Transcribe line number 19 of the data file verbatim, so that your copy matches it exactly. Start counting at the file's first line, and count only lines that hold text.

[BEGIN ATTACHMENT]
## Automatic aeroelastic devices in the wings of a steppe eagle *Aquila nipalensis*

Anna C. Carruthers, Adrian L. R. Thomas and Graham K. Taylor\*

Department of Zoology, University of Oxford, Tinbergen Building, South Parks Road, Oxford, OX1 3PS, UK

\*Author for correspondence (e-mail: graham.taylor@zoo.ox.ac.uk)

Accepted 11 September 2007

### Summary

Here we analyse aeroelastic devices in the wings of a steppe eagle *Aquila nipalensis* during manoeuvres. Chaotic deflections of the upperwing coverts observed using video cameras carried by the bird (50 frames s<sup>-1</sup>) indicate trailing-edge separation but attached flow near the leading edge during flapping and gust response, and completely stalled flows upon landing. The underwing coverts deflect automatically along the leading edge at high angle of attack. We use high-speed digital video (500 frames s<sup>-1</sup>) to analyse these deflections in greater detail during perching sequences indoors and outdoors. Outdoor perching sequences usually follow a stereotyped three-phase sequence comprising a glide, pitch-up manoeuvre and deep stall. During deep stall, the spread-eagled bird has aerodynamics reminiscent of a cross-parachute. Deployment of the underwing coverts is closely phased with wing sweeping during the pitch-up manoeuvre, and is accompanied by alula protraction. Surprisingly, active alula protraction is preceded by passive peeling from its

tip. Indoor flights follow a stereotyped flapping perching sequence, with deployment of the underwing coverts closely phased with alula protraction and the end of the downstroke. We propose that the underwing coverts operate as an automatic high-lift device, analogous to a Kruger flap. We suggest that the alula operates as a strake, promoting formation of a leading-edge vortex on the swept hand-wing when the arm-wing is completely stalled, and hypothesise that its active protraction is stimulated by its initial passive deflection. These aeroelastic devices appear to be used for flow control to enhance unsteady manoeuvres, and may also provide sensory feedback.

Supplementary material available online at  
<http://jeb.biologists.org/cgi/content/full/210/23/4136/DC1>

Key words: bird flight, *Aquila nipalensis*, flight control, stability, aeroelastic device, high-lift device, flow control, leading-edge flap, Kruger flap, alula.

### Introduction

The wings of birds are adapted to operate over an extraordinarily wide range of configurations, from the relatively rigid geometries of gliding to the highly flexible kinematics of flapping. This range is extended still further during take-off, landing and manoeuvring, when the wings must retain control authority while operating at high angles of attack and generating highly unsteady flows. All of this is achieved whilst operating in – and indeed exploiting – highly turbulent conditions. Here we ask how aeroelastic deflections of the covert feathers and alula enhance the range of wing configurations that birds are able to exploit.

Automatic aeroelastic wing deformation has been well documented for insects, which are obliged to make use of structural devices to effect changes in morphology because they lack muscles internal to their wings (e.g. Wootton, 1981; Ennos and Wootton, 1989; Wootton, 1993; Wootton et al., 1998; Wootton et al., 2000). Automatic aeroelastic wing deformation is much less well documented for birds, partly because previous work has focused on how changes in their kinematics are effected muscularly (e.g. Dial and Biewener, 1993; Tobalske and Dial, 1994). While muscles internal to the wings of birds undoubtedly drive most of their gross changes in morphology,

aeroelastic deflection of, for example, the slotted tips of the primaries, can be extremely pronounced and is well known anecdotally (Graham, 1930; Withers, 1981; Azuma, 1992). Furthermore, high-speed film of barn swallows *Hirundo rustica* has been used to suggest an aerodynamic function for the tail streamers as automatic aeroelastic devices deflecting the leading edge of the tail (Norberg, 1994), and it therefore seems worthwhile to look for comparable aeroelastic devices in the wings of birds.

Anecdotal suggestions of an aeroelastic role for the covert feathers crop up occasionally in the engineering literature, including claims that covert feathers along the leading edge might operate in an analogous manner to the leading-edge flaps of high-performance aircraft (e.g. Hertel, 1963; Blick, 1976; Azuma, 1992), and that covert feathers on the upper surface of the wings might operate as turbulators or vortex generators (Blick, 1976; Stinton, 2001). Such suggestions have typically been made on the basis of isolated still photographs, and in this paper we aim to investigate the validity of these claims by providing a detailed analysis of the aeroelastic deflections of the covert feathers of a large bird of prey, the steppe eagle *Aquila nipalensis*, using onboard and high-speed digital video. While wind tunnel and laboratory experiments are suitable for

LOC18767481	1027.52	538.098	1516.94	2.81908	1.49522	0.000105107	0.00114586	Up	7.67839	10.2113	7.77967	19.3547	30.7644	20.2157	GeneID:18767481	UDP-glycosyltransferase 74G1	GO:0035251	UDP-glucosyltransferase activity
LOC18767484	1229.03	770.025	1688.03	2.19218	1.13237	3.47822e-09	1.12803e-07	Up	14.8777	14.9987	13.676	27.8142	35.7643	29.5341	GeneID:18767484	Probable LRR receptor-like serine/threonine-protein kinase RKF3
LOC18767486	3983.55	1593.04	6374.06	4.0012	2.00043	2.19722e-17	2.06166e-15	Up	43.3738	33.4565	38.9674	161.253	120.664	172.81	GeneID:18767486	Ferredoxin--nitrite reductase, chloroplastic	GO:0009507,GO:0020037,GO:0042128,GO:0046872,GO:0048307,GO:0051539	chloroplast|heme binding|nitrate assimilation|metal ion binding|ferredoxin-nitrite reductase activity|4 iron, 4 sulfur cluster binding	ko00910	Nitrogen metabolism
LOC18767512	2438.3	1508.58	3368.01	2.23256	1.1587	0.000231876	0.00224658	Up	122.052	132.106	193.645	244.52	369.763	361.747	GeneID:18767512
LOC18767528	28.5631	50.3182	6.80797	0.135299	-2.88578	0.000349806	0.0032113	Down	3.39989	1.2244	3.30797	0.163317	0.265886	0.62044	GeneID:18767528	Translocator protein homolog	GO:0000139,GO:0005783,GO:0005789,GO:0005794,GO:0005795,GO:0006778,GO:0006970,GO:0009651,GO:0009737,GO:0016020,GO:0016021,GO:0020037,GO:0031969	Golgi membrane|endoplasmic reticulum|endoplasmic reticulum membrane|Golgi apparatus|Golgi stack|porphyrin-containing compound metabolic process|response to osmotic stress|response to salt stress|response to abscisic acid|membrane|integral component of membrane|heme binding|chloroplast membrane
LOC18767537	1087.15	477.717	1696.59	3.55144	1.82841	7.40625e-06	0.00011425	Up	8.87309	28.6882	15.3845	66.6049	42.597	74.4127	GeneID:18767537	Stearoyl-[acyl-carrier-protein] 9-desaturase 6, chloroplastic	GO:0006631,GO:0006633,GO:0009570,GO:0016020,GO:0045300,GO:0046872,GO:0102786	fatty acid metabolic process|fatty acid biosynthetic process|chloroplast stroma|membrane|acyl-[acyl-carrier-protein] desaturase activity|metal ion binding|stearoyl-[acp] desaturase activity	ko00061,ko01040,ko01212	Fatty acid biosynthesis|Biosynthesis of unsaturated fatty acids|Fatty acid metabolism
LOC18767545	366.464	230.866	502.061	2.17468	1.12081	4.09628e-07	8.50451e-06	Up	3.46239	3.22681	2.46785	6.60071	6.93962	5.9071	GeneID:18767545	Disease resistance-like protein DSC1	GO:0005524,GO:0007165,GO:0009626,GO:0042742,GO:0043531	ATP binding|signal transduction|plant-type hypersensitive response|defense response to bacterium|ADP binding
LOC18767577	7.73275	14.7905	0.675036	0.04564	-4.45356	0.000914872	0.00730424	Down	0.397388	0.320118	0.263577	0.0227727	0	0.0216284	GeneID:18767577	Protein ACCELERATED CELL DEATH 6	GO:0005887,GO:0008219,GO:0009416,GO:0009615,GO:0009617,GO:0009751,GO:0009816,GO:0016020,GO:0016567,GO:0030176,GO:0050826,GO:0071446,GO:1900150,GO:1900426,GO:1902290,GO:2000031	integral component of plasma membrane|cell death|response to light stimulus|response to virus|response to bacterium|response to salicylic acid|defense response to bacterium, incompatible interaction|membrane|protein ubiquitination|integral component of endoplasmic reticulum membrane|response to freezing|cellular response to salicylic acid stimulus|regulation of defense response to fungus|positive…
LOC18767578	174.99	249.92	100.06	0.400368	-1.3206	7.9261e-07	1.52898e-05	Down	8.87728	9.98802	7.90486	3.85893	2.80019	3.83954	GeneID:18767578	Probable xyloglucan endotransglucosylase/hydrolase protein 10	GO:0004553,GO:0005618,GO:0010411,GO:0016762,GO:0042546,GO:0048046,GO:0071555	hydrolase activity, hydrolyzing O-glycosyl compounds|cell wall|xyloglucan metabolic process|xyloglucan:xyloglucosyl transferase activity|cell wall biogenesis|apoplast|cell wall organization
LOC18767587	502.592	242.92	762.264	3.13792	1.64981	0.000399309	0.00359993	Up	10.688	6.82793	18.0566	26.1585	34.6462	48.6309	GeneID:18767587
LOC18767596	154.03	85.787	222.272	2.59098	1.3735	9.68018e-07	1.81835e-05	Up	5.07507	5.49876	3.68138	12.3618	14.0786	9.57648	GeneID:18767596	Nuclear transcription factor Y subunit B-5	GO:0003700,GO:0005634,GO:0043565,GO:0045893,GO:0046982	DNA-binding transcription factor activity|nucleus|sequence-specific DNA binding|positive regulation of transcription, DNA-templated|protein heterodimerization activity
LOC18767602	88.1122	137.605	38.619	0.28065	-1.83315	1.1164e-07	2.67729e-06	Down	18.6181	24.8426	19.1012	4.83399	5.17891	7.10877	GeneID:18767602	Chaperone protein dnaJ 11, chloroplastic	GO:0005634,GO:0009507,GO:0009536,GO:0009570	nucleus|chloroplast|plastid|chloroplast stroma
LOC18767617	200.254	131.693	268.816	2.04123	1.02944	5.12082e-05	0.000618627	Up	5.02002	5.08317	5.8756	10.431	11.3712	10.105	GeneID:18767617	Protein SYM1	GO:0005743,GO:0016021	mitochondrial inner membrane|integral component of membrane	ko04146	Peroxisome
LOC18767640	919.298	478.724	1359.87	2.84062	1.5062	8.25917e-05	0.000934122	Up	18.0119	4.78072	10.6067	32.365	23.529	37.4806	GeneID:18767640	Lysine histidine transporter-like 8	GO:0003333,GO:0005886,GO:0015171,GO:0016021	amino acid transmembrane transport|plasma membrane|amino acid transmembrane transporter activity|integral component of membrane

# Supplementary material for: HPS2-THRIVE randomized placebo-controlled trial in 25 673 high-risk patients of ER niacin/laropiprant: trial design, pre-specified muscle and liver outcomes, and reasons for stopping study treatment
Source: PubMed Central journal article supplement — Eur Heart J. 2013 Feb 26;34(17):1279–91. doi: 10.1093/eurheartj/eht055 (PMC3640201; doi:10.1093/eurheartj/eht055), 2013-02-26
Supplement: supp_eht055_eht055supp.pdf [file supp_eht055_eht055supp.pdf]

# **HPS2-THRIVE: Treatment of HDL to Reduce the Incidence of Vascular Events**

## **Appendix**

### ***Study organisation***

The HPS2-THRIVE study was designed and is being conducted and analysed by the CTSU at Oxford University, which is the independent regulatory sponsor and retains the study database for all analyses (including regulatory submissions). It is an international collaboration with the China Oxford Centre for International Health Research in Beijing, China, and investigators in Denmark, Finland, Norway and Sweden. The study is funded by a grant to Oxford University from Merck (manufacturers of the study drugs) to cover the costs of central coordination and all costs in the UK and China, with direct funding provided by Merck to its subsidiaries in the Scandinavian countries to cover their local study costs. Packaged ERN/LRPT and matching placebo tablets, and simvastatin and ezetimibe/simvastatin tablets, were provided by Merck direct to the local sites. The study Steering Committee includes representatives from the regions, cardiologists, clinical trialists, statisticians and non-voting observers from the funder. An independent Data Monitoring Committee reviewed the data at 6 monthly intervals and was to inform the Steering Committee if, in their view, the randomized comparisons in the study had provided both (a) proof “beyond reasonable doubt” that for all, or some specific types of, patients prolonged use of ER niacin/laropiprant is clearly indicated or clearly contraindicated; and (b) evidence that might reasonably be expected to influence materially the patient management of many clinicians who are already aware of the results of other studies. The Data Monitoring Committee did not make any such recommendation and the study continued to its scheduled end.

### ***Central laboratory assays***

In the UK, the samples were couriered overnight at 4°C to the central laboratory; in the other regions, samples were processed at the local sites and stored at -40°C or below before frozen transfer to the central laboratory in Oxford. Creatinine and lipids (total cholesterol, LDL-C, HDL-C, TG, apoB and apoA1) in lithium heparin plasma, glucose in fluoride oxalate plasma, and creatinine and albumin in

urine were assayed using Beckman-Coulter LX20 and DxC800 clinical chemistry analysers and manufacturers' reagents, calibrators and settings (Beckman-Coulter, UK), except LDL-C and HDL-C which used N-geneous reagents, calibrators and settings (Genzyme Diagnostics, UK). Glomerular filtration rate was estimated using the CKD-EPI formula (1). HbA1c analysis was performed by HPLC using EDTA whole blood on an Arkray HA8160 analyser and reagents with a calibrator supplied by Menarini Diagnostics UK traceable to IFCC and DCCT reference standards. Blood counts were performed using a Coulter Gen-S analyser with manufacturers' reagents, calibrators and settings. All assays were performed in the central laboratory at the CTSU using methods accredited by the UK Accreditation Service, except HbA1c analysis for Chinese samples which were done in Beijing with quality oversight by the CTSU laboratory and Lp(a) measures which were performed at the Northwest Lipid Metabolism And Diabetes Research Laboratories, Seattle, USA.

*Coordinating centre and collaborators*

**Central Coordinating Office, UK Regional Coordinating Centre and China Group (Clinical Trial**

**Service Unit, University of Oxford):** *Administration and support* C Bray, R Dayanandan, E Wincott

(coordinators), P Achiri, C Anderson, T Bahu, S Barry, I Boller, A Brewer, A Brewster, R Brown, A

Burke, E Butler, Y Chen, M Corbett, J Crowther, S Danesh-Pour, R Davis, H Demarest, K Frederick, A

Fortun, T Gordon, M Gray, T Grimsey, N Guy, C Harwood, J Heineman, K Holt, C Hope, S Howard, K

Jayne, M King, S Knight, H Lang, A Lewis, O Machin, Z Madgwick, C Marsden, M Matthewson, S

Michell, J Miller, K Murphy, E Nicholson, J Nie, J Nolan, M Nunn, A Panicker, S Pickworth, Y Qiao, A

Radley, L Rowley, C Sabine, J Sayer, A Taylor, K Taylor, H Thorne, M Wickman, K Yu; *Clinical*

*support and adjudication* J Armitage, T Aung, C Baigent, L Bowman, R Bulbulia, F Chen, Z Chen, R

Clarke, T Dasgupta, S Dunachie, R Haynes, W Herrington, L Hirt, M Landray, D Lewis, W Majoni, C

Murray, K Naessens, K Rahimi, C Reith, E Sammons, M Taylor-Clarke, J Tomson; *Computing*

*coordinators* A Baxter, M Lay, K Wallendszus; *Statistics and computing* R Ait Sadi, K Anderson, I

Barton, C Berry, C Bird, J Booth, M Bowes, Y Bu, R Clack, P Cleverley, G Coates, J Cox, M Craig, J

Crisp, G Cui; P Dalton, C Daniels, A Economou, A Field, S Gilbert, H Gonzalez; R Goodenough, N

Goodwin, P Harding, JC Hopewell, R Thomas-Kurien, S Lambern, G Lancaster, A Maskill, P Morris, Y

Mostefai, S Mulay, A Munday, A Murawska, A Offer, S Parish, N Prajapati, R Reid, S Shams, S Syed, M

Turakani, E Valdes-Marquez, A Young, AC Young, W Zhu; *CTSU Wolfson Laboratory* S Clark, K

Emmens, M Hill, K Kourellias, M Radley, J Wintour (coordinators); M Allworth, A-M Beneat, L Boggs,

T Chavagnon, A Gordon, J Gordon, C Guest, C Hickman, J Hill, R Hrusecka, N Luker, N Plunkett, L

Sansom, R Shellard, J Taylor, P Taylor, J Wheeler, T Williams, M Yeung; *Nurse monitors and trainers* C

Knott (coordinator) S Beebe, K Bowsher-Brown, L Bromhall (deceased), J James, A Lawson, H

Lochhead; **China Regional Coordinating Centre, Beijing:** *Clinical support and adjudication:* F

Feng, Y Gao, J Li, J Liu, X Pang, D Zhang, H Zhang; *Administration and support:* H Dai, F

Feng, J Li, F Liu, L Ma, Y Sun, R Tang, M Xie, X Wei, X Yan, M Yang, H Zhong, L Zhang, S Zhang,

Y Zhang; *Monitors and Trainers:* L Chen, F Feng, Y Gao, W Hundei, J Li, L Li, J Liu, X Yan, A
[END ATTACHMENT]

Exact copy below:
LOC18767486	3983.55	1593.04	6374.06	4.0012	2.00043	2.19722e-17	2.06166e-15	Up	43.3738	33.4565	38.9674	161.253	120.664	172.81	GeneID:18767486	Ferredoxin--nitrite reductase, chloroplastic	GO:0009507,GO:0020037,GO:0042128,GO:0046872,GO:0048307,GO:0051539	chloroplast|heme binding|nitrate assimilation|metal ion binding|ferredoxin-nitrite reductase activity|4 iron, 4 sulfur cluster binding	ko00910	Nitrogen metabolism